Our final stop in Alaska was Haines, and also our base camp as we explored Southeast Alaska. From Tok we had to meander through the Yukon Territory and a little bit of British Columbia in Canada (and of course U.S. Customs) before getting back to Alaska again.
Haines has been tagged as the Valley of the Eagles due to the congregation of about 3,500 Bald Eagles starting in November when they feast on the late run of Chum salmon. A 48,000 acre sanctuary has been formed by the state for the national bird. But we did not have to wait until November, as we saw the baldies perching on trees by the dozens and just hanging out on the beach. It was quite an awesome sight for the gathering of the white heads.
We were told that Bears hang out at the salmon weir by Chilkoot river. So off we went early in the morning to watch bears catch salmon. We were not disappointed for the three times that we went there, they were there feeding on the running chum salmon.
Walking and driving around Haines we noticed several Totem poles. They signify Alaska’s native legacy. They were carved to perpetuate Tlingit (pronounced Kling-it) cultural practices.
There were lots of hiking and biking opportunities at Haines, but man, the wind and the rain were unrelenting once again. Instead we just checked out museums and historic sites. First we went to Fort William H Seward which was established 106 years ago as a symbol of US Army strength. The fort was decommissioned and is now a historic landmark. Most of the building are now privately owned and local businesses reside there.
We watched the feeding of a Bald Eagle at the American Bald Eagle Foundation. There were also more than 200 specimen of local fish and wildlife. The founder gave an engaging and interesting presentation of wildlife stories.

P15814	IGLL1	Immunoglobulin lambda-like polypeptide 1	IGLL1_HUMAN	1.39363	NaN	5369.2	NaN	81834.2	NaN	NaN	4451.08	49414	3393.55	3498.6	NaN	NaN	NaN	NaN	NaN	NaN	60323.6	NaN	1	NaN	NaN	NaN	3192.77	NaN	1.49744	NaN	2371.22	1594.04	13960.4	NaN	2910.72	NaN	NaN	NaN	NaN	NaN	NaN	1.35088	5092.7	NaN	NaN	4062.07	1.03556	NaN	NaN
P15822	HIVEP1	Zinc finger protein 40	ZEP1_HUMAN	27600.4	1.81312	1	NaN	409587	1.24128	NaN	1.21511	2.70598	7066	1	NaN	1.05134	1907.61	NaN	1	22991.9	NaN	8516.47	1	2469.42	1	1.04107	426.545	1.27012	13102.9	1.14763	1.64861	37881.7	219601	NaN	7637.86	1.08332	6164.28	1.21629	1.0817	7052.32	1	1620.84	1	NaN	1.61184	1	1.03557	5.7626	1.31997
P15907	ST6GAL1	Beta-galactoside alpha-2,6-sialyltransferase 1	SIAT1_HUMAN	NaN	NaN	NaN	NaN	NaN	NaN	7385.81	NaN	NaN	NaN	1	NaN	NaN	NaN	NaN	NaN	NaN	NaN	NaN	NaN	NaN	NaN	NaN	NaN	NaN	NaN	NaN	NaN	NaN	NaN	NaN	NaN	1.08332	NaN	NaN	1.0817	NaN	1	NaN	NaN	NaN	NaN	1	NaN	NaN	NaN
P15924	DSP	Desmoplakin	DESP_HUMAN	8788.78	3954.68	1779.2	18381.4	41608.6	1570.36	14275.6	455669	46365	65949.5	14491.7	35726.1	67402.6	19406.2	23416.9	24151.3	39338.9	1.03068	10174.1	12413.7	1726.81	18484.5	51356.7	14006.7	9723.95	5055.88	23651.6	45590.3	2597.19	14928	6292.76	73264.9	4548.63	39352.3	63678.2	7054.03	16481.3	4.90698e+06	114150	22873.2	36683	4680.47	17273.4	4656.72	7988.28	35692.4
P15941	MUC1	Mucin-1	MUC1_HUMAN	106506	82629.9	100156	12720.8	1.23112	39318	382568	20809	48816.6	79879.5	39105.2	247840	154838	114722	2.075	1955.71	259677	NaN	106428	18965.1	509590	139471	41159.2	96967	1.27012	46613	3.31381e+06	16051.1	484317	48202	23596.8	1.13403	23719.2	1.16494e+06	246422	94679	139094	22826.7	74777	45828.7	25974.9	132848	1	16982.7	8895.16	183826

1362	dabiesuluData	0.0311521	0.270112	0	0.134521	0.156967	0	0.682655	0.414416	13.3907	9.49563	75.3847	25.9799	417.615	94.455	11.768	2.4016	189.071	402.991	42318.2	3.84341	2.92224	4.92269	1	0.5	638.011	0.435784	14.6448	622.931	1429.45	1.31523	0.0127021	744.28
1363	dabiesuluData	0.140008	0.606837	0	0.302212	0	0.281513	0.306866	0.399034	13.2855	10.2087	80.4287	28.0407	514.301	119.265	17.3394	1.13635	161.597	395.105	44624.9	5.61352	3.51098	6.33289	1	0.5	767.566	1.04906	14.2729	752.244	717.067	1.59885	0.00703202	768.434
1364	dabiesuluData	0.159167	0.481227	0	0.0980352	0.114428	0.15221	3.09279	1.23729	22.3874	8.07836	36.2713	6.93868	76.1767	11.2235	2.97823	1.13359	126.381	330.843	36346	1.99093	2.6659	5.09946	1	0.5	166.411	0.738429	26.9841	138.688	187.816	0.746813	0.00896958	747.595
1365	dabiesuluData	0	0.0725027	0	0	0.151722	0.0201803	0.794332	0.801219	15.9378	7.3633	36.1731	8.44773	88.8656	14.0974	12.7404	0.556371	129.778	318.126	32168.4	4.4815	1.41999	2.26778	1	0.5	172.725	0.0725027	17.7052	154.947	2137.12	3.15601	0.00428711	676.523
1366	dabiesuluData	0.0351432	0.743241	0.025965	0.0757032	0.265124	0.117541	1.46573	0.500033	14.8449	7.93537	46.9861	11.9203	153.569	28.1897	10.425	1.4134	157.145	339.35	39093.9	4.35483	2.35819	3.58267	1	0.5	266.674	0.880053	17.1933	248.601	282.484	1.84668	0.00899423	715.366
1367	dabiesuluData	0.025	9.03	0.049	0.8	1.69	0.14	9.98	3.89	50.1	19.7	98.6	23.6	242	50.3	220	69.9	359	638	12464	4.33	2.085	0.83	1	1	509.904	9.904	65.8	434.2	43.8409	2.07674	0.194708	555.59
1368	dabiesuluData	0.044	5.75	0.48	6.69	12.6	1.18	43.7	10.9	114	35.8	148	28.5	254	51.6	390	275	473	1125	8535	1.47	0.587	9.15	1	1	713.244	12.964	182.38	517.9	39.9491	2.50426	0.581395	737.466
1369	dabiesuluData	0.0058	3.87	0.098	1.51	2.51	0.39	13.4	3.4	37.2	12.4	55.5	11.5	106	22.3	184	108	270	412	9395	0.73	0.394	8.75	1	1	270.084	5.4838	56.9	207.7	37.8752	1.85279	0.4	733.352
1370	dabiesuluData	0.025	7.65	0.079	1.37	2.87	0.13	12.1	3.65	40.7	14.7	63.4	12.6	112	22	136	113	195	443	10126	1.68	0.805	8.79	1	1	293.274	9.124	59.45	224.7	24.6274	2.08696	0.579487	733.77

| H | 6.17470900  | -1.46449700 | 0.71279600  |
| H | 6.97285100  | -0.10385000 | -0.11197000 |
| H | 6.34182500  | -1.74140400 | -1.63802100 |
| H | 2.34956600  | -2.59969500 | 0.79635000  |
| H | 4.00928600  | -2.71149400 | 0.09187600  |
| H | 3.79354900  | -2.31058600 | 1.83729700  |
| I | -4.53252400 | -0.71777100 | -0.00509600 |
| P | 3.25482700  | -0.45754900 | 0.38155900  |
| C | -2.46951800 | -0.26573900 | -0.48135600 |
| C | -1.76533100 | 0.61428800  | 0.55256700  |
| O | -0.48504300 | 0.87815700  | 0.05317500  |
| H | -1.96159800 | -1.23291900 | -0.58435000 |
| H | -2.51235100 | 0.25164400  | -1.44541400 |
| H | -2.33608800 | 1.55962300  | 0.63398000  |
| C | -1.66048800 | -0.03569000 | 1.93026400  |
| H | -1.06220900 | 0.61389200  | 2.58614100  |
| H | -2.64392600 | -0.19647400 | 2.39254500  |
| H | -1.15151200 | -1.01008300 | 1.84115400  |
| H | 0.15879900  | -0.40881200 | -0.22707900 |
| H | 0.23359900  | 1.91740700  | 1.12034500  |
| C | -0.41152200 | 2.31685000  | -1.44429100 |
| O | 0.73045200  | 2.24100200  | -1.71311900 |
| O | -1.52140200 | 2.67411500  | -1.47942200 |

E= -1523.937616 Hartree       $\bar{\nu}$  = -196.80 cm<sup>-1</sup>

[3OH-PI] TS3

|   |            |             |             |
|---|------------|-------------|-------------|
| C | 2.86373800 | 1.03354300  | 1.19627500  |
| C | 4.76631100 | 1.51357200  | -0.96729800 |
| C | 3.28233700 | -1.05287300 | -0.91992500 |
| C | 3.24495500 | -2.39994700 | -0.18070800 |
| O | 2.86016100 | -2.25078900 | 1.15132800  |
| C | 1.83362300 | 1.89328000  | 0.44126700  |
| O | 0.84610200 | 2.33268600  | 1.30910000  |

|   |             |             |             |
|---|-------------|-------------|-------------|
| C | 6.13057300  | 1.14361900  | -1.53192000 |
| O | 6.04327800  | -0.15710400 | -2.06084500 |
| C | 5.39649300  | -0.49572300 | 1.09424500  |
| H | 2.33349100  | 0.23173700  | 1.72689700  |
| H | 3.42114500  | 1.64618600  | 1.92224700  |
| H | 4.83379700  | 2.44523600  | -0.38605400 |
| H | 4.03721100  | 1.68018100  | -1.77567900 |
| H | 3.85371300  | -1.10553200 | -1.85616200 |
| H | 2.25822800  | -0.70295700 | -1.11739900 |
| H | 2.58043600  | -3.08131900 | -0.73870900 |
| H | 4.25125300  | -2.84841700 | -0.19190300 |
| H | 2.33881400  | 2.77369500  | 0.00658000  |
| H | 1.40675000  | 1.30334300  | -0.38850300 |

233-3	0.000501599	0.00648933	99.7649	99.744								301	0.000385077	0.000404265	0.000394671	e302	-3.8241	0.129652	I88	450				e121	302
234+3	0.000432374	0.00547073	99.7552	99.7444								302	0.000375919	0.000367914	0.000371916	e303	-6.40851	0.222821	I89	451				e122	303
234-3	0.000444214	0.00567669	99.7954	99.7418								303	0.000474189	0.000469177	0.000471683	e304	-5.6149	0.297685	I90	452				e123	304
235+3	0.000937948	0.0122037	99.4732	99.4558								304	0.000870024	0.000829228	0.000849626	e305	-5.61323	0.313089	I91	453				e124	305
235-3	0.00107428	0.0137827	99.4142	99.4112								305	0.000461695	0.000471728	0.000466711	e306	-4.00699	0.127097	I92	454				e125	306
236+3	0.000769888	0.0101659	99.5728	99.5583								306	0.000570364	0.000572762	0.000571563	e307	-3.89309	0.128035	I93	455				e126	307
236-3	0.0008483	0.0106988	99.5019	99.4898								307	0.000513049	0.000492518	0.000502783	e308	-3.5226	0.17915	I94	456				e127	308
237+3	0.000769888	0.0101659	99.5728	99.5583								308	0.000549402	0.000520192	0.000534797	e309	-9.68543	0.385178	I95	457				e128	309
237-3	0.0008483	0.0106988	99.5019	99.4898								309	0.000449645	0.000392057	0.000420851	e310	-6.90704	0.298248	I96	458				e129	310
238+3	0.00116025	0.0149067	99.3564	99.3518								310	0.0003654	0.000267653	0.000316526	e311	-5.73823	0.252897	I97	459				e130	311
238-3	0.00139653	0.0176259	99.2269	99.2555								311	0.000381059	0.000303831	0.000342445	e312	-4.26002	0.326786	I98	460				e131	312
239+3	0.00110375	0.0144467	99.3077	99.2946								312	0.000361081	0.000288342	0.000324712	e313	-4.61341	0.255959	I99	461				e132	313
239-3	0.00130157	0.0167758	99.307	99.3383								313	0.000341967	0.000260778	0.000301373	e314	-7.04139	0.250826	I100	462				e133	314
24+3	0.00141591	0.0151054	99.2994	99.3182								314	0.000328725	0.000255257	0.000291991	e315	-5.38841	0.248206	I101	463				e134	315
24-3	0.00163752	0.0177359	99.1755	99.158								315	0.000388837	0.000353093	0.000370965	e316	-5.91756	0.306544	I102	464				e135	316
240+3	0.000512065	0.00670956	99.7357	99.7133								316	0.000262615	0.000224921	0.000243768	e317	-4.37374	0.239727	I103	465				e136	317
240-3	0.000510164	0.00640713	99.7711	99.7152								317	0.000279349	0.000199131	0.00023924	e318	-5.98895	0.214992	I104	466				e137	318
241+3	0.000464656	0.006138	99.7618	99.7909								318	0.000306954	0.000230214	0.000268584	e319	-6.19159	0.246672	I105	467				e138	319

Next stop was the Sheldon Museum, which houses collections of Native art, gold rush mementos and a display of the answer to the question “Whose Border is it?”
Next stop was the Hammer Museum where an impressive display of 1,800 pounding implements is showcased. Now that’s a lot of hammers!
Due to its quintessential Alaskan look, Haines has also been a favorite of filmmakers. The 1991 Disney movie “White Fang” was filmed in Dalton City as is “Gold Rush Alaska” at Porcupine Creek.
We could tell that the season is winding down as the RV park we stayed in, Haines Hitch up RV park was pretty sparse. We liked it for we had the west section to ourselves. It was a level grass site with full hook ups. We liked it here even if the laundry cost $3.50 per load. What can we say, everything in Alaska is expensive.
We prepped Betsy, and the Honda for our departure from Alaska on a three-day ferry trip through the inside passage to Prince Rupert, British Columbia, Canada.
Upnext: Leaving Alaska